Life is like a game in which God shuffles the cards, the devil deals them and we have to play the trumps. – Yugoslav proverb
Come Fly With Me
Everyone watched. A few people muttered and a businessman clapped sarcastically as the big man finally arrived. While he didn’t actually delay their departure, Guy Carnac boarded the plane twenty minutes after everyone else.
“Ladies and gentlemen, now that all passengers are on board we’ll be getting underway. It’ll just be another minute or two,” the captain’s voice soothed.
Guy found his seat, swallowed another pill, and pulled down the shade. He didn’t have a seat behind the bulkhead with legroom, but at least he had a solid wall to lean against. Too bad it had a window.
He tried to settle down, and in. He almost convinced himself that he was ready, doing fine – and ping! The fasten seatbelts lights blinked on. Guy buckled his belt and like the signal for a race, his heart began an adrenaline gallop.
The plane moved away from the gate with the slightest of jolts.
Systematic desensitization, Guy. The laws of aerodynamics will keep the plane in the sky. Calm breathing! But, he reminded himself, you know better than most people that planes crash all the time.…
He breathed faster. Get a grip! The facts, doctor, the facts! Fiercely he recited, My name is Dr. Guy Carnac, I’m a respected – highly respected – Seattle-based therapist, I’m a fifty-four year-old male, maybe overweight, maybe my hair’s thinning, but my libido is still intact and not thinning, thank you very much. I’m heading to an international conference of my peers. What’s there to fear?
What’s to fear? For starters, what happens when we can’t lift off? The plane’ll keep rolling, too fast to stop. And we’ll hit a building, or cars on the freeway, or another plane as it taxies in.… Smoke will billow as we’re all engulfed in a fireball. He gripped the seat arms. I’m wheezing. I can’t breathe, is there oxygen? Should I pull down a mask? Why haven’t the meds kicked in? Is it too late to turn back? Can’t they halt the plane? DON’T THE PILOTS REALIZE THEY HAVE TO STOP THIS FLIGHT, RIGHT NOW? Oh God oh God oh God Oh Godohgodohdgodgodgodgod.
The little girl in the middle seat eyed him as she whispered with her mother. Guy closed his eyes and pushed his head hard against the side of the plane. Machinery vibrated under his temple as they accelerated. He whimpered. They left the ground: Breathe!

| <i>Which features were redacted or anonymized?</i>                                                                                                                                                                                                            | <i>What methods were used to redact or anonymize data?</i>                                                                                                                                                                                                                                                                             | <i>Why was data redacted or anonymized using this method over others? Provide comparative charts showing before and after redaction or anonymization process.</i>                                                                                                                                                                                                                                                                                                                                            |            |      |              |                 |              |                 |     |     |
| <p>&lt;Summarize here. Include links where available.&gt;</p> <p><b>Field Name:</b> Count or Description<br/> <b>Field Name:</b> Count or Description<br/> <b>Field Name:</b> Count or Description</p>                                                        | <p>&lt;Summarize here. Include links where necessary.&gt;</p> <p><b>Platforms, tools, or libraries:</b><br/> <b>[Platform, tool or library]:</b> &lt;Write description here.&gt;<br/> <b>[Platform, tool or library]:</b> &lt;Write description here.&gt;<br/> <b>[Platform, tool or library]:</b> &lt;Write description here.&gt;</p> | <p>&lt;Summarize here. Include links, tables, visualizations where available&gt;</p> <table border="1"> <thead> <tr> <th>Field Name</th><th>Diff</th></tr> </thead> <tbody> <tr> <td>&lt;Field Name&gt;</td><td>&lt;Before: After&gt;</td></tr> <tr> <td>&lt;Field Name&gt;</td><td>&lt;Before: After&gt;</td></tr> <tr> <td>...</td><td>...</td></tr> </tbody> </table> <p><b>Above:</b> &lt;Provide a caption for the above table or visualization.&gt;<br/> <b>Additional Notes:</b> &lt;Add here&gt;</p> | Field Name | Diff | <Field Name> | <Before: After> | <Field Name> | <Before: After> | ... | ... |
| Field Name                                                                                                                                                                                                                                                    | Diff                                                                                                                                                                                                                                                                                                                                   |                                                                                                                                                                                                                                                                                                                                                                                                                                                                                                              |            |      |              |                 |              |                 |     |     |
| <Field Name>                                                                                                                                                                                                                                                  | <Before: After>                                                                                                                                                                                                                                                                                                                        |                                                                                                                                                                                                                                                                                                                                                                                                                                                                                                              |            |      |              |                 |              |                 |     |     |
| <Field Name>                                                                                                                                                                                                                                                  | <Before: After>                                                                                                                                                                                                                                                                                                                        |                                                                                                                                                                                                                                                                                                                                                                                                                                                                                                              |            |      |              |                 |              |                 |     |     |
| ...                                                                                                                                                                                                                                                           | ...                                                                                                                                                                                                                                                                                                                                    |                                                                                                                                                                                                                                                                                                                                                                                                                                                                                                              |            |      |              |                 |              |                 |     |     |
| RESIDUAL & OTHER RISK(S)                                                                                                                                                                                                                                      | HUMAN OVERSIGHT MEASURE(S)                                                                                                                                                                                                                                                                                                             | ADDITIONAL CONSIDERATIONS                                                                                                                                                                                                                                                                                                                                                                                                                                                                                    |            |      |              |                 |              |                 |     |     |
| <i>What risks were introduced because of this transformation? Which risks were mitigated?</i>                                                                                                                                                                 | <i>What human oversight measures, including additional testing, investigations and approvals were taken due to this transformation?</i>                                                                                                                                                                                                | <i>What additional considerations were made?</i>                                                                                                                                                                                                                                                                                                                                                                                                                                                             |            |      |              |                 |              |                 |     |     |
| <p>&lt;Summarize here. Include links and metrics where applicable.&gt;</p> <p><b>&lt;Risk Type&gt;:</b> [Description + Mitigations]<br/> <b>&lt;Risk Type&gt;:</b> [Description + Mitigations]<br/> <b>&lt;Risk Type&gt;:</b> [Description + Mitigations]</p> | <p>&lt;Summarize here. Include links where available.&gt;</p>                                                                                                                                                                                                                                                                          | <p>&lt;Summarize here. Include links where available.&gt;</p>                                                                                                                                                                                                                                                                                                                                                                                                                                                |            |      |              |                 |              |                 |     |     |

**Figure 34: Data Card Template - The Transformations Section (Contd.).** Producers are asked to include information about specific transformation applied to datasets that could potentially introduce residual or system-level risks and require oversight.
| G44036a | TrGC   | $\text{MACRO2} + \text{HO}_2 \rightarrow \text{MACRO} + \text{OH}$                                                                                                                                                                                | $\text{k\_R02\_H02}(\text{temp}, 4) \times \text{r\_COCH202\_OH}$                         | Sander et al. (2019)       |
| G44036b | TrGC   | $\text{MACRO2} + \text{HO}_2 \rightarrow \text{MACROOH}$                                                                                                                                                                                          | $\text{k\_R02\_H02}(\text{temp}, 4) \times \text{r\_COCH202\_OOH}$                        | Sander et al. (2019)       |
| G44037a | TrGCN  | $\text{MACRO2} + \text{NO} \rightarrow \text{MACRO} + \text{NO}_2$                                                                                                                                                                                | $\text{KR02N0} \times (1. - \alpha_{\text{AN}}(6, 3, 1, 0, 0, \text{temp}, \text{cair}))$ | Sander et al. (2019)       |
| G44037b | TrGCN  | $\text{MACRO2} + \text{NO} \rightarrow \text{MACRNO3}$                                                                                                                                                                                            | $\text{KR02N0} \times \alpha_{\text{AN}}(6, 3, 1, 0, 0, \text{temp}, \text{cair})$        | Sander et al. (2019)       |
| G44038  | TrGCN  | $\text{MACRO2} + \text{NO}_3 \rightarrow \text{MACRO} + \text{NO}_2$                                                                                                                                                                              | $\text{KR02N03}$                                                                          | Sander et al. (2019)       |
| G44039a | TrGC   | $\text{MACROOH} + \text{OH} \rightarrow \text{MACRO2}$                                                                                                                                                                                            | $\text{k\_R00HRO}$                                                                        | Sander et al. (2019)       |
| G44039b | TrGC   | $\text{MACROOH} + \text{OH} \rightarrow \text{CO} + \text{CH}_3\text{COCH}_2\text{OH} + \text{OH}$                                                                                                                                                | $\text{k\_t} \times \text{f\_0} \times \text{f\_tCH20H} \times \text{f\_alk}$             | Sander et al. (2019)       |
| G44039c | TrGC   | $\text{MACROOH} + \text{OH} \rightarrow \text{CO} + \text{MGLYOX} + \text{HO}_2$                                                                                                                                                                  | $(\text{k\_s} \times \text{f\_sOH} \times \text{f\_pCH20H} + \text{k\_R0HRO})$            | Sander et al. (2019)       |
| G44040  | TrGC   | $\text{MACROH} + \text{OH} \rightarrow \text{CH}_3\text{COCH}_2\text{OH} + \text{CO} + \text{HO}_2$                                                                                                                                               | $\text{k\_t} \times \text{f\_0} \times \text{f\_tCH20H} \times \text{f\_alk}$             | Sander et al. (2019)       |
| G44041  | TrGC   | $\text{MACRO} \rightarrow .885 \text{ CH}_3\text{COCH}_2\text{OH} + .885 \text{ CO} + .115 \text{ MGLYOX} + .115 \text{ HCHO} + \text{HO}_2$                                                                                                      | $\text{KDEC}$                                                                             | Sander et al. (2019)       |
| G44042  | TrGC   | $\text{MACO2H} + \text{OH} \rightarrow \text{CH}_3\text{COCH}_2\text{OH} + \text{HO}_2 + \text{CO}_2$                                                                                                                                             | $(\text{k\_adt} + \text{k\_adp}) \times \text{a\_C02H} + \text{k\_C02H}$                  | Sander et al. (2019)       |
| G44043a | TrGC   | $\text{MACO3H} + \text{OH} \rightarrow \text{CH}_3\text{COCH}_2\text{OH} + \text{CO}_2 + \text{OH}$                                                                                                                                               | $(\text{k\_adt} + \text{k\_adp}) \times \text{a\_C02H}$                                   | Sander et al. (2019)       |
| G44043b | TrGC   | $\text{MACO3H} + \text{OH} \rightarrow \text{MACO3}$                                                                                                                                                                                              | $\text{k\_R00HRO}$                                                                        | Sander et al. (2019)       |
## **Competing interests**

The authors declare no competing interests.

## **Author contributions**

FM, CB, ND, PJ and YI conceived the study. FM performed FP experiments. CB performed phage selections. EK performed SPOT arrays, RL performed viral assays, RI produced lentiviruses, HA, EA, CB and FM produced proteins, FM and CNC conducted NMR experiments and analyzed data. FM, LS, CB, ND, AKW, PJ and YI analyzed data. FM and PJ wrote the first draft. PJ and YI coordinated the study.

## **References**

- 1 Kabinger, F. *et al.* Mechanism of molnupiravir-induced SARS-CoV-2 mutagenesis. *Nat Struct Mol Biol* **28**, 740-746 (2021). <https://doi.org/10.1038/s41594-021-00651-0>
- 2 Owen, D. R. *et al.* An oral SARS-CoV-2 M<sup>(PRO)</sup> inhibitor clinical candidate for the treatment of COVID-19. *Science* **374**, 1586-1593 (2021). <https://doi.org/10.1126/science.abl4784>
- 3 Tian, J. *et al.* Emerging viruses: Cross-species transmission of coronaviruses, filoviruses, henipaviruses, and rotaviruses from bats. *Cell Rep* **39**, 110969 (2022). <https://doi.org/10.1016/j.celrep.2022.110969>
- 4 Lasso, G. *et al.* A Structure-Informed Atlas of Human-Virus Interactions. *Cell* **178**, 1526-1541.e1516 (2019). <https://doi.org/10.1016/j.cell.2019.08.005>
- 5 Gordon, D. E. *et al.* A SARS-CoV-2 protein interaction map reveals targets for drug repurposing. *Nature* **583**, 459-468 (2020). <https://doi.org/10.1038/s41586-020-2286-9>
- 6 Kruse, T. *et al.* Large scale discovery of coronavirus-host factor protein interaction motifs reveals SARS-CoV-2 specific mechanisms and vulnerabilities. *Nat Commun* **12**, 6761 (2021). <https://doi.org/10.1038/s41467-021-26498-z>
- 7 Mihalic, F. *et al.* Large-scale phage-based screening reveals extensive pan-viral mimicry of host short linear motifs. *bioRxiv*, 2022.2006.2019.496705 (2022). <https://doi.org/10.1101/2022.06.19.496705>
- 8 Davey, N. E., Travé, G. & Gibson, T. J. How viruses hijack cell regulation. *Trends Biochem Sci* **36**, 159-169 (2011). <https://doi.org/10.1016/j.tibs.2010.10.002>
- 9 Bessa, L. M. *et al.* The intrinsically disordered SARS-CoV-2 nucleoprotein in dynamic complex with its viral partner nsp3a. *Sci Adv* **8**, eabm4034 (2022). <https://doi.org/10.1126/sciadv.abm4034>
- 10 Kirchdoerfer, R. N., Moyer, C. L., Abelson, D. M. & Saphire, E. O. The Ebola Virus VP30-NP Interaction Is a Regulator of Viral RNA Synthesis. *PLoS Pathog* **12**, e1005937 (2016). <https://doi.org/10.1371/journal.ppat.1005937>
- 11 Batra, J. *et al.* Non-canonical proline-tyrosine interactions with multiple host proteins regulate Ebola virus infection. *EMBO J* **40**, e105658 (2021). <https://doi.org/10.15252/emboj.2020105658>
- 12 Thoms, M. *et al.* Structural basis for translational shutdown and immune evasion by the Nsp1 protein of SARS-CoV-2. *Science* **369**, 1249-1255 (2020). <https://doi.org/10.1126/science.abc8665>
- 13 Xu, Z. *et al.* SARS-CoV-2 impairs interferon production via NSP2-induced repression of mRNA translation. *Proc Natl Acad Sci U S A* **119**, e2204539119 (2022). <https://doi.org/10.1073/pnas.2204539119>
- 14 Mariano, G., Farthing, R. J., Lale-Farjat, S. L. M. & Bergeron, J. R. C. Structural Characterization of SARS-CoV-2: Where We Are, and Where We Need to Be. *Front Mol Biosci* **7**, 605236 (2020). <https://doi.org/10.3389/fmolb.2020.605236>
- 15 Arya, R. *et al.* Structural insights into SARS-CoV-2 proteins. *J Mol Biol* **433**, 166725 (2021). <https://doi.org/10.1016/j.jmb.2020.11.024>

For the next ten minutes he was afraid he’d pass out or vomit. He fought a need to do both and kept his eyes firmly closed.
Something scratched his right arm.
Guy opened his eyes and blue candy ribbons, pink ponies, and tiny hearts swam in his vision. For a few startled seconds he was sure he was hallucinating. The child in the next seat wore colored barrettes in her braids and a serious expression.
She looked down. Guy followed her pointing finger and saw that he’d wrapped his right hand completely around the seat arm separating their seats.
He unclamped his fingers as they continued to hurtle through space. Was that the start of a nosedive we’re going down I’m trapped really trapped even if I make it out of this seat I’m stuck on this goddamned plane until we crash and – He yanked his thoughts hard from the eventual, inevitable spiral. Guy closed his eyes and began to pray.
The scratching returned, more insistent. “Mister?”
He peeked cautiously.
The child patted his forearm and then his hand for good measure. “I’m scared to fly, too. This is my first time. If you want, you can have my medicine. I aksed my mommy and she says yes. I told her, this guy needs it and I don’t! He’s more of a ‘fraidy cat than me!”
“Than I, Tia. Asked, not ‘aksed’. And we don’t call people names!” Tia’s mother leaned across her daughter and took Guy’s clammy hand in her own warm brown one. “I’m sorry, a little six-year-old here is excited to fly but still learning about verbal filters. This is Tia, and I’m Denice. But the offer is real. Tia was scared about such a long time up in the sky so her doctor suggested we bring along Benadryl, just in case. Somehow I think she’s not going to need it.” The little girl wasn’t listening, her attention focused on the flight magazine page that listed cartoon offerings.
Guy looked at Denice. She was dressed not in loose terry cloth ‘jogging clothes’ but rather in a flowing skirt for comfort, pretty slip-off shoes on her feet and a soft scarf around her neck. Denice smiled, and her aura grounded him.
He loosed his grip on her palm. “I’m Guy Carnac. Thanks!” His smile wobbled. “I’d sure love to take you up on that Benadryl. My own anxiety pills never kicked in.”
“Glad to. It’s in my carry on, Guy, so you just hang on til the all clear to get up. I’ll get it for you.”
Tia had followed their conversation and now she turned back to him. “Your name is Guy, and you’re a guy. You’re funny!”
“Tia! Remember what we tell you about how to address people who are older than you, namely, with respect? This is Mr. Carnac.”
“Thanks for the comment about respect, Denice. I’m not sure I deserve a whole lot right now! How about Tia calls me, Mr. Guy?”
Tia patted Guy’s forearm with her little hand again and gave him a wide grin. “Hey, Mr. Guy, smile. This plane’s not going down!”
Prepare to meet a hero with dangerous fantasies. A young woman trapped in a cult. A person who dreams other people’s futures. A man drinking glühwein at a Christmas Market as he waits for disaster. And Lynn, the connecting thread, taking a train trip with a seductive stranger. I’ll be posting the first pages to each chapter.
Committing my characters to an appearance on this blog makes them real. As of tonight, they exist beyond my imagination.
Here are the opening pages to my novel Tsunami Cowboys. This fourth chapter is titled, What A Guy.
Tsunami Cowboys will publish with Amazon in December, 2014.